FORTUNE -- Hours before I met Andrew Kortina, I had already given him my credit card number. I don't do this with just any stranger. But Kortina and his cofounder Iqram Magdon-Ismail have built a service called Venmo, which promises to make mobile payments so easy, people will actually start to make mobile payments. And after a lunch bill that my friend refused to let me pay for in downtown Philadelphia, I was determined to make my friend take my money. So I downloaded the Venmo app, registered my account, specified the amount I wanted to pay and to whom, and typed in those 19 numbers (including the three on the back of the card) that control my finances.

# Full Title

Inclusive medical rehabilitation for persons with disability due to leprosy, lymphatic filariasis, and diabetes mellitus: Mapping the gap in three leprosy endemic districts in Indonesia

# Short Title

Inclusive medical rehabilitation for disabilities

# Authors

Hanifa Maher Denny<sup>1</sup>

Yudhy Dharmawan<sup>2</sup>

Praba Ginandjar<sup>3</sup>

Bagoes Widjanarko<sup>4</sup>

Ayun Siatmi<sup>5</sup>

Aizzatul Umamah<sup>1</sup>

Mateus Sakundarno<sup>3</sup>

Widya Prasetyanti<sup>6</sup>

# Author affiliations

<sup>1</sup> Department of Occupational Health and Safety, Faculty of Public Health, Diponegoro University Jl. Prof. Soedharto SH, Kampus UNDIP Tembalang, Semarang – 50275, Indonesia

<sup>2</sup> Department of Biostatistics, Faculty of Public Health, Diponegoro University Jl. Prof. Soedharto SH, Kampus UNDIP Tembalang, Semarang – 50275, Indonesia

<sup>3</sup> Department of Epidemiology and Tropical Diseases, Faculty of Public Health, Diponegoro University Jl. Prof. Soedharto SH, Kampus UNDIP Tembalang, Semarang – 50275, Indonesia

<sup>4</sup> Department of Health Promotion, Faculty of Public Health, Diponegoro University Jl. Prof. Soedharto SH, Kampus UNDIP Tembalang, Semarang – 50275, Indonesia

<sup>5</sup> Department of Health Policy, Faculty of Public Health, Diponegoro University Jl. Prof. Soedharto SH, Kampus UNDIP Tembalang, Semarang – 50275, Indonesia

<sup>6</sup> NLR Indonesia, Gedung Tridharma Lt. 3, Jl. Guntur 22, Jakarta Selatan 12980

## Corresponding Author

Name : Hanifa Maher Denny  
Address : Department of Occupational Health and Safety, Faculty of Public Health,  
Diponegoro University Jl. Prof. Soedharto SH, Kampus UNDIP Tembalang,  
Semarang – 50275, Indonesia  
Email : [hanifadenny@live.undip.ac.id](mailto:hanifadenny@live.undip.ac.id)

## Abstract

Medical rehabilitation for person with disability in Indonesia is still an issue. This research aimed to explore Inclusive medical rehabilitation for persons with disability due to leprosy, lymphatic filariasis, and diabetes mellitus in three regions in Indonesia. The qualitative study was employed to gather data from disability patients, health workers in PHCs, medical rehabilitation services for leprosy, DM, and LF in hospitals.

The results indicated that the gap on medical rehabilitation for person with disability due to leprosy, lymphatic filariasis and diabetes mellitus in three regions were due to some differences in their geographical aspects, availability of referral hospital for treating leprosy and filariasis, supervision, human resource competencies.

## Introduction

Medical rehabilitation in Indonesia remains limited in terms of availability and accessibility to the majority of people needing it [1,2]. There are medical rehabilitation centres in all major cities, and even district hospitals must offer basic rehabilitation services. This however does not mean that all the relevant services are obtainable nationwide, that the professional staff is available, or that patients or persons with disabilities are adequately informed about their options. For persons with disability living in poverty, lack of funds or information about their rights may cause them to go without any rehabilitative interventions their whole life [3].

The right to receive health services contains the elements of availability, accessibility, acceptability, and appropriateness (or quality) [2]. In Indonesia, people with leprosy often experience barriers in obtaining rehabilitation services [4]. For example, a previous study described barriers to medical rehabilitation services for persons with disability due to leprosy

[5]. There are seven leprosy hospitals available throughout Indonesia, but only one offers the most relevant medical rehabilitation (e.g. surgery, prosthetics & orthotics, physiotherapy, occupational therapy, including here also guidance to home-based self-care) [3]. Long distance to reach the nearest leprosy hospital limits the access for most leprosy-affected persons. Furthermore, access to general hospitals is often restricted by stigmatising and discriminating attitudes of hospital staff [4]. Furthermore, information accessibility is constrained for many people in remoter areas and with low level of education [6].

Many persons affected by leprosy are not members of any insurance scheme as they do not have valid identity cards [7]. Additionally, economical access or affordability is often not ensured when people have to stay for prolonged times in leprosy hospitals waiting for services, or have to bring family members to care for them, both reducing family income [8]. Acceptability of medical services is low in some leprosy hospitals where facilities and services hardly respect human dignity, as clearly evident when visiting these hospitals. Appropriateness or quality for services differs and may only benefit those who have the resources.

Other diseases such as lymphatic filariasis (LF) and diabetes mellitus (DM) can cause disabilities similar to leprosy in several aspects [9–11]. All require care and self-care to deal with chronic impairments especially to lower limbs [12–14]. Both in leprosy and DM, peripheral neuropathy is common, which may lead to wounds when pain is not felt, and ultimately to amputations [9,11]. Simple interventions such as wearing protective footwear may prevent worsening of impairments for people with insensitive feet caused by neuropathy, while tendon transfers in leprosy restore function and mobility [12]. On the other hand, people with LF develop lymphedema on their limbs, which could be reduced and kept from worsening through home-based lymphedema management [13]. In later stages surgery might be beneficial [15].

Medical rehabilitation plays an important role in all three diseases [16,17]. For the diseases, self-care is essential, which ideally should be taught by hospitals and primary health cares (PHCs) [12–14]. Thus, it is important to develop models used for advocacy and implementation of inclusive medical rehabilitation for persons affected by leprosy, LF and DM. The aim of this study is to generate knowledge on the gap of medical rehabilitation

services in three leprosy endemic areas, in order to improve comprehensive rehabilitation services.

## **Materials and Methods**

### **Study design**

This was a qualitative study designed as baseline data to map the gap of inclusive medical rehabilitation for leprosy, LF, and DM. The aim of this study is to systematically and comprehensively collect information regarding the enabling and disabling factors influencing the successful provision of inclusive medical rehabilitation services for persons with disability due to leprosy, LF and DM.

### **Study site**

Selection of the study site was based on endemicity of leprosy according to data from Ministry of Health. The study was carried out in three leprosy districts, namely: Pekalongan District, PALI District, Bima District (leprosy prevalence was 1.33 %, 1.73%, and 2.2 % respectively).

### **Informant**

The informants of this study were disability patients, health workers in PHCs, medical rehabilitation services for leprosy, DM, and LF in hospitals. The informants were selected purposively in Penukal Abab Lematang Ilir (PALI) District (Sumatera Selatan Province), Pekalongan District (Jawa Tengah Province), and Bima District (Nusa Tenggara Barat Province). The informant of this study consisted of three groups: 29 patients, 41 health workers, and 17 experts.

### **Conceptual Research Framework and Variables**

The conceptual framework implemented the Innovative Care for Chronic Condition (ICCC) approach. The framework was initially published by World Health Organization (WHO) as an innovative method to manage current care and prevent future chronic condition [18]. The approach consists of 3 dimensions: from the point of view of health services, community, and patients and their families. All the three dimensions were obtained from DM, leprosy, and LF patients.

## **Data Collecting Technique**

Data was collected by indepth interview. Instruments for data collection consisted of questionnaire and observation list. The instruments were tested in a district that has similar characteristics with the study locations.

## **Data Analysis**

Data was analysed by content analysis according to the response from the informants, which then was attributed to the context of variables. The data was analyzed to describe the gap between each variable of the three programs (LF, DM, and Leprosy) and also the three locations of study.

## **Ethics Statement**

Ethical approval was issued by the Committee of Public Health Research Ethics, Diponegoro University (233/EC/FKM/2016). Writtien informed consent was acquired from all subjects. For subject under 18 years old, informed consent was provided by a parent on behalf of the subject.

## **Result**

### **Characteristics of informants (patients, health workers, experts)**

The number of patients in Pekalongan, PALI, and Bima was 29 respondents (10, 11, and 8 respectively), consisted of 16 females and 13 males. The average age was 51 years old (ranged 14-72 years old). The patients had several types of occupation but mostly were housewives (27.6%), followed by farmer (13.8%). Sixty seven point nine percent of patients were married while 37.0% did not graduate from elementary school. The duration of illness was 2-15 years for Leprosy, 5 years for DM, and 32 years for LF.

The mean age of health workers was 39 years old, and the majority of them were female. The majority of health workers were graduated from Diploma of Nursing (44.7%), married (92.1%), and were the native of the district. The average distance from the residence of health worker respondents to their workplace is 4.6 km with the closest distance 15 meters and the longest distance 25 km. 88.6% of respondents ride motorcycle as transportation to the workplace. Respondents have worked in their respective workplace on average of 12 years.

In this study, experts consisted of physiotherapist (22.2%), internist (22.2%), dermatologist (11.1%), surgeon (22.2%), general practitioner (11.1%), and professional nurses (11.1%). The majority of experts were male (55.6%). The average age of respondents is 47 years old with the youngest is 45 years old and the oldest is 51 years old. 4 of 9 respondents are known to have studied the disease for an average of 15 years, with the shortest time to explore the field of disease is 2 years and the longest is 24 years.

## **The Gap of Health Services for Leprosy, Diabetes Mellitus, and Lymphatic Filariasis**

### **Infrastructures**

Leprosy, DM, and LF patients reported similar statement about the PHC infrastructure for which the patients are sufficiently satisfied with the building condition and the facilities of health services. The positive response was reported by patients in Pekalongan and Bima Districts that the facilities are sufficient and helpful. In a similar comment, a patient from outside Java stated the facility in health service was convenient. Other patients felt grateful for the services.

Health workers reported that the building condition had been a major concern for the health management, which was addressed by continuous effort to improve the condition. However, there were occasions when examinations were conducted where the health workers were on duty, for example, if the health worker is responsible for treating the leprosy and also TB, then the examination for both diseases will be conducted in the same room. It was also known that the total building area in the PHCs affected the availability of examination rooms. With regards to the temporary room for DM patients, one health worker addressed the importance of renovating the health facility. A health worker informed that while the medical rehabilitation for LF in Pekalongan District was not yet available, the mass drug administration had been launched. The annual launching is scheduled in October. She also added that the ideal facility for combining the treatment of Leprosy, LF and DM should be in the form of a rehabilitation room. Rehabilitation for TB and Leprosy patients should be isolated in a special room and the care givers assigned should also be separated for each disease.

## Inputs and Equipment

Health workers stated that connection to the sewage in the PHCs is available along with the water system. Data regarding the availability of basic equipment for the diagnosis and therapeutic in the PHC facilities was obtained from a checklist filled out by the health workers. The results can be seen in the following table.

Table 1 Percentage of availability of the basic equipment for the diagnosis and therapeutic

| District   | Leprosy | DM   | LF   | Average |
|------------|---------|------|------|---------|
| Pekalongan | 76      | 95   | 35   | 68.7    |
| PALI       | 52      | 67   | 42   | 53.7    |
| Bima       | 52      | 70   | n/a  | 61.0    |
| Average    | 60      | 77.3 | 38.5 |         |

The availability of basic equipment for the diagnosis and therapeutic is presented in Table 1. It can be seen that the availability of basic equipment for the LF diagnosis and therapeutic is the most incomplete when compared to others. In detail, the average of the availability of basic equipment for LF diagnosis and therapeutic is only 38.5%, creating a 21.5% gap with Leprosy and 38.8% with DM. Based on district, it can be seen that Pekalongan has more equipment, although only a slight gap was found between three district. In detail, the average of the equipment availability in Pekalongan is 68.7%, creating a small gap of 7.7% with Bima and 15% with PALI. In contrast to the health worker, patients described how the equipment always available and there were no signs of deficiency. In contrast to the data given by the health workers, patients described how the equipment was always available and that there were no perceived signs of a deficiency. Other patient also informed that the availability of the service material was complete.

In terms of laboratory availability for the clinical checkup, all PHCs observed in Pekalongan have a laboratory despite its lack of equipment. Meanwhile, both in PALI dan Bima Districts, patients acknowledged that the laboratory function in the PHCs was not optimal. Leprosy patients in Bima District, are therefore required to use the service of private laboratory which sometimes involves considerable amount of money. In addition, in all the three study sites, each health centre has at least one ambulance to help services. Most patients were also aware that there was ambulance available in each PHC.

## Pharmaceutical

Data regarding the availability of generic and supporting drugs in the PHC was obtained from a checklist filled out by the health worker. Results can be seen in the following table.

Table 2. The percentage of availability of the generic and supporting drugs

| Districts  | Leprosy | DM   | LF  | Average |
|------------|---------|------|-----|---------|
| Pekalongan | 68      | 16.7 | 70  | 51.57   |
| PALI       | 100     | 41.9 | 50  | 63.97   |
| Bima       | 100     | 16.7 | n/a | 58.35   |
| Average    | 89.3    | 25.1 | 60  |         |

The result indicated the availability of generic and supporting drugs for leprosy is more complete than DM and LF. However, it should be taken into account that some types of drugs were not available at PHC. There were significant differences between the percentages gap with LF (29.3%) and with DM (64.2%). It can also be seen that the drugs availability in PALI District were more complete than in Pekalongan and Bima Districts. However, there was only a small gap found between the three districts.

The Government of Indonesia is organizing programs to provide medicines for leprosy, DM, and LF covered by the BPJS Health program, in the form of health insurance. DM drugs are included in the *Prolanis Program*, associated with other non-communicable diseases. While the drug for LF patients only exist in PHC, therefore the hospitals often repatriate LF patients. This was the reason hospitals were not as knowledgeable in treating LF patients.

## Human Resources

All of this will not sound terribly novel. That's because I -- and, no doubt, many of you -- did something similar years ago with Paypal. And PayPal, as is expected of a huge company with thousands of employees, also has a mobile app. One that I could have used just as well as Venmo's to pay my friend back. This is Venmo's -- and hundreds of other startups' -- problem: Why use the new guy when I already trust the old? How can a startup oust an established company when all it has are a million dollars in venture capital and a propensity for all-nighters? More
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